I was ready for the hot flashes, which would come at the most inopportune times, but I wasn’t prepared for the other symptoms. The first issue was the crying. It was spontaneous, uncontrollable, and came on for no reason. It was so embarrassing at work. Here I am, a leader, trying to lead orientation with my teachers, and I’d start crying. They must have thought I was so unstable. Then the panic attacks began, again out of the blue and at inconvenient times (Is there ever a convenient time to have a panic attack?). However, the worst thing was the insomnia. I can remember being dead tired, willing myself to sleep, crying from exhaustion, yet the sleep wouldn’t come. I tried melatonin and sleep music and lavender oil diffusers and praying and a new nighttime routine, but I only managed a few hours a night. Through all this, I felt like I was going crazy. I was at my wit’s end and didn’t know what to do.

When I went in for my first monthly check-up and told my doctor about my symptoms, he said I was having an adverse reaction to the treatment, which had caused me to develop depression and anxiety. He said I needed to stick it out and it would eventually get better, but when you’re in the thick of it, you can’t see a way out. I was in a really dark place and didn’t recognize myself. I had never experienced mental illness firsthand before. Through this whole ordeal, I developed so much empathy for people who live with mental illness; it’s worse than any physical pain I’ve ever experienced. I can remember crying to the doctor, begging for him to trade me my old physical pain for my new emotional pain. But by then, it was too late.

Music has always been my go to for any emotion. Happy? Play upbeat music and dance around. Angry? Play angsty music on high to work it out. Sad? Play sappy music and cry it out. During my depression and anxiety period, I found a few songs that spoke to me and helped articulate how I felt or how I wanted to feel, and I played them on repeat. One of those songs was Dermot Kennedy’s “Better Days.” I can remember driving around, alone, blasting this song from my speakers, as I sang along, tears streaming down my face. He promises, “Better days are comin’, if no one told you. I hate to hear you cryin’…” and “I know you’ve been hurtin’ waiting on a train that just won’t come.” and “The rain, it ain’t permanent, and soon we’ll be dancin’ in the sun.” and “Your story’s gonna change, just wait for better days.” His words, the promise of better days coming, got me through some of my darkest days.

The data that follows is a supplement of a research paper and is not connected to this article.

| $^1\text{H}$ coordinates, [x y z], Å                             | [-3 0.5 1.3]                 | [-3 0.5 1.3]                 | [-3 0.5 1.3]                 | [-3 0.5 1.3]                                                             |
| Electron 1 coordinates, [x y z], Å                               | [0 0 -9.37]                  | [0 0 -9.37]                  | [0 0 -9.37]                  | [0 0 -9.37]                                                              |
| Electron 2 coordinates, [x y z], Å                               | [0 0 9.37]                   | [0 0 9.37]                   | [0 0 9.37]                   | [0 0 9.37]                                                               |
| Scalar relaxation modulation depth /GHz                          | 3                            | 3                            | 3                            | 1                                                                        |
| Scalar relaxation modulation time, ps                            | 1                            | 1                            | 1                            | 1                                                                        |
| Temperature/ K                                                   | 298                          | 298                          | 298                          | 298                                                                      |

I’m happy to report that the depression and anxiety did eventually subside, just like the doctor said it would. I think the better days have come.

I love this live performance of the song…it’s a little different than the original, but the interpretive dance adds so much to the lyrics.

Better Days

Better days are comin’
If no one told you
I hate to hear you cryin’
Over the phone, dear
For seven years runnin’
You’ve been a soldier
But better days are comin’
Better days are comin’ for you

So when the night feels like forever
I’ll remember what you said to me

I know you’ve been hurtin’
Waitin’ on a train that just won’t come
The rain, it ain’t permanent
And soon, we’ll be dancin’ in the sun
We’ll be dancin’ in the sun
And we’ll sing your song together (eh-eh, eh-eh)
And we’ll sing your song together (eh-eh, eh-eh)

We never miss the flowers
Until the sun’s down
We never count the hours
Until they’re runnin’ out
You’re on the other side of the storm now
You should be so proud
And better days are comin’
Better days are comin’ for you

So when the night feels like forever
I’ll remember what you said to me

I know you’ve been hurting (is our time ever soothing?)
Waiting on a train that just won’t come
The rain, it ain’t permanent (is our time ever soothing?)
And soon, we’ll be dancing in the sun
We’ll be dancing in the sun
And we’ll sing your song together (eh-eh, eh-eh)
And we’ll sing your song together (eh-eh, eh-eh)
And we’ll sing your song together (eh-eh, eh-eh)
And we’ll sing your song together (eh-eh, eh-eh)

Your story’s gonna change
Just wait for better days
You’ve seen too much of pain
Now, you don’t even know
That your story’s gonna change
Just wait for better days
I promise you, I won’t let go

I know you’ve been hurting
Waiting on a train that just won’t come
The rain, it ain’t permanent (is our time ever soothing?)
And soon, we’ll be dancing in the sun
We’ll be dancing in the sun
And we’ll sing your song together (eh-eh, eh-eh)
And we’ll sing your song together (eh-eh, eh-eh)
And we’ll sing your song together (eh-eh, eh-eh)
And we’ll sing your song together (eh-eh, eh-eh)

A Taste of Normal- Haiku Style!

It is happening!
Seussical the Musical
will be on Friday!

More than two years since
our last performance with a
real, live audience!

How did they do it?
in four weeks, in the middle
of a pandemic?!?

The set is ready,
the songs rehearsed til perfect,
all lines memorized

Colorful costumes
coupled with peppy dance moves
make for happy kids

A taste of normal
is exactly what we need.
The show must go on!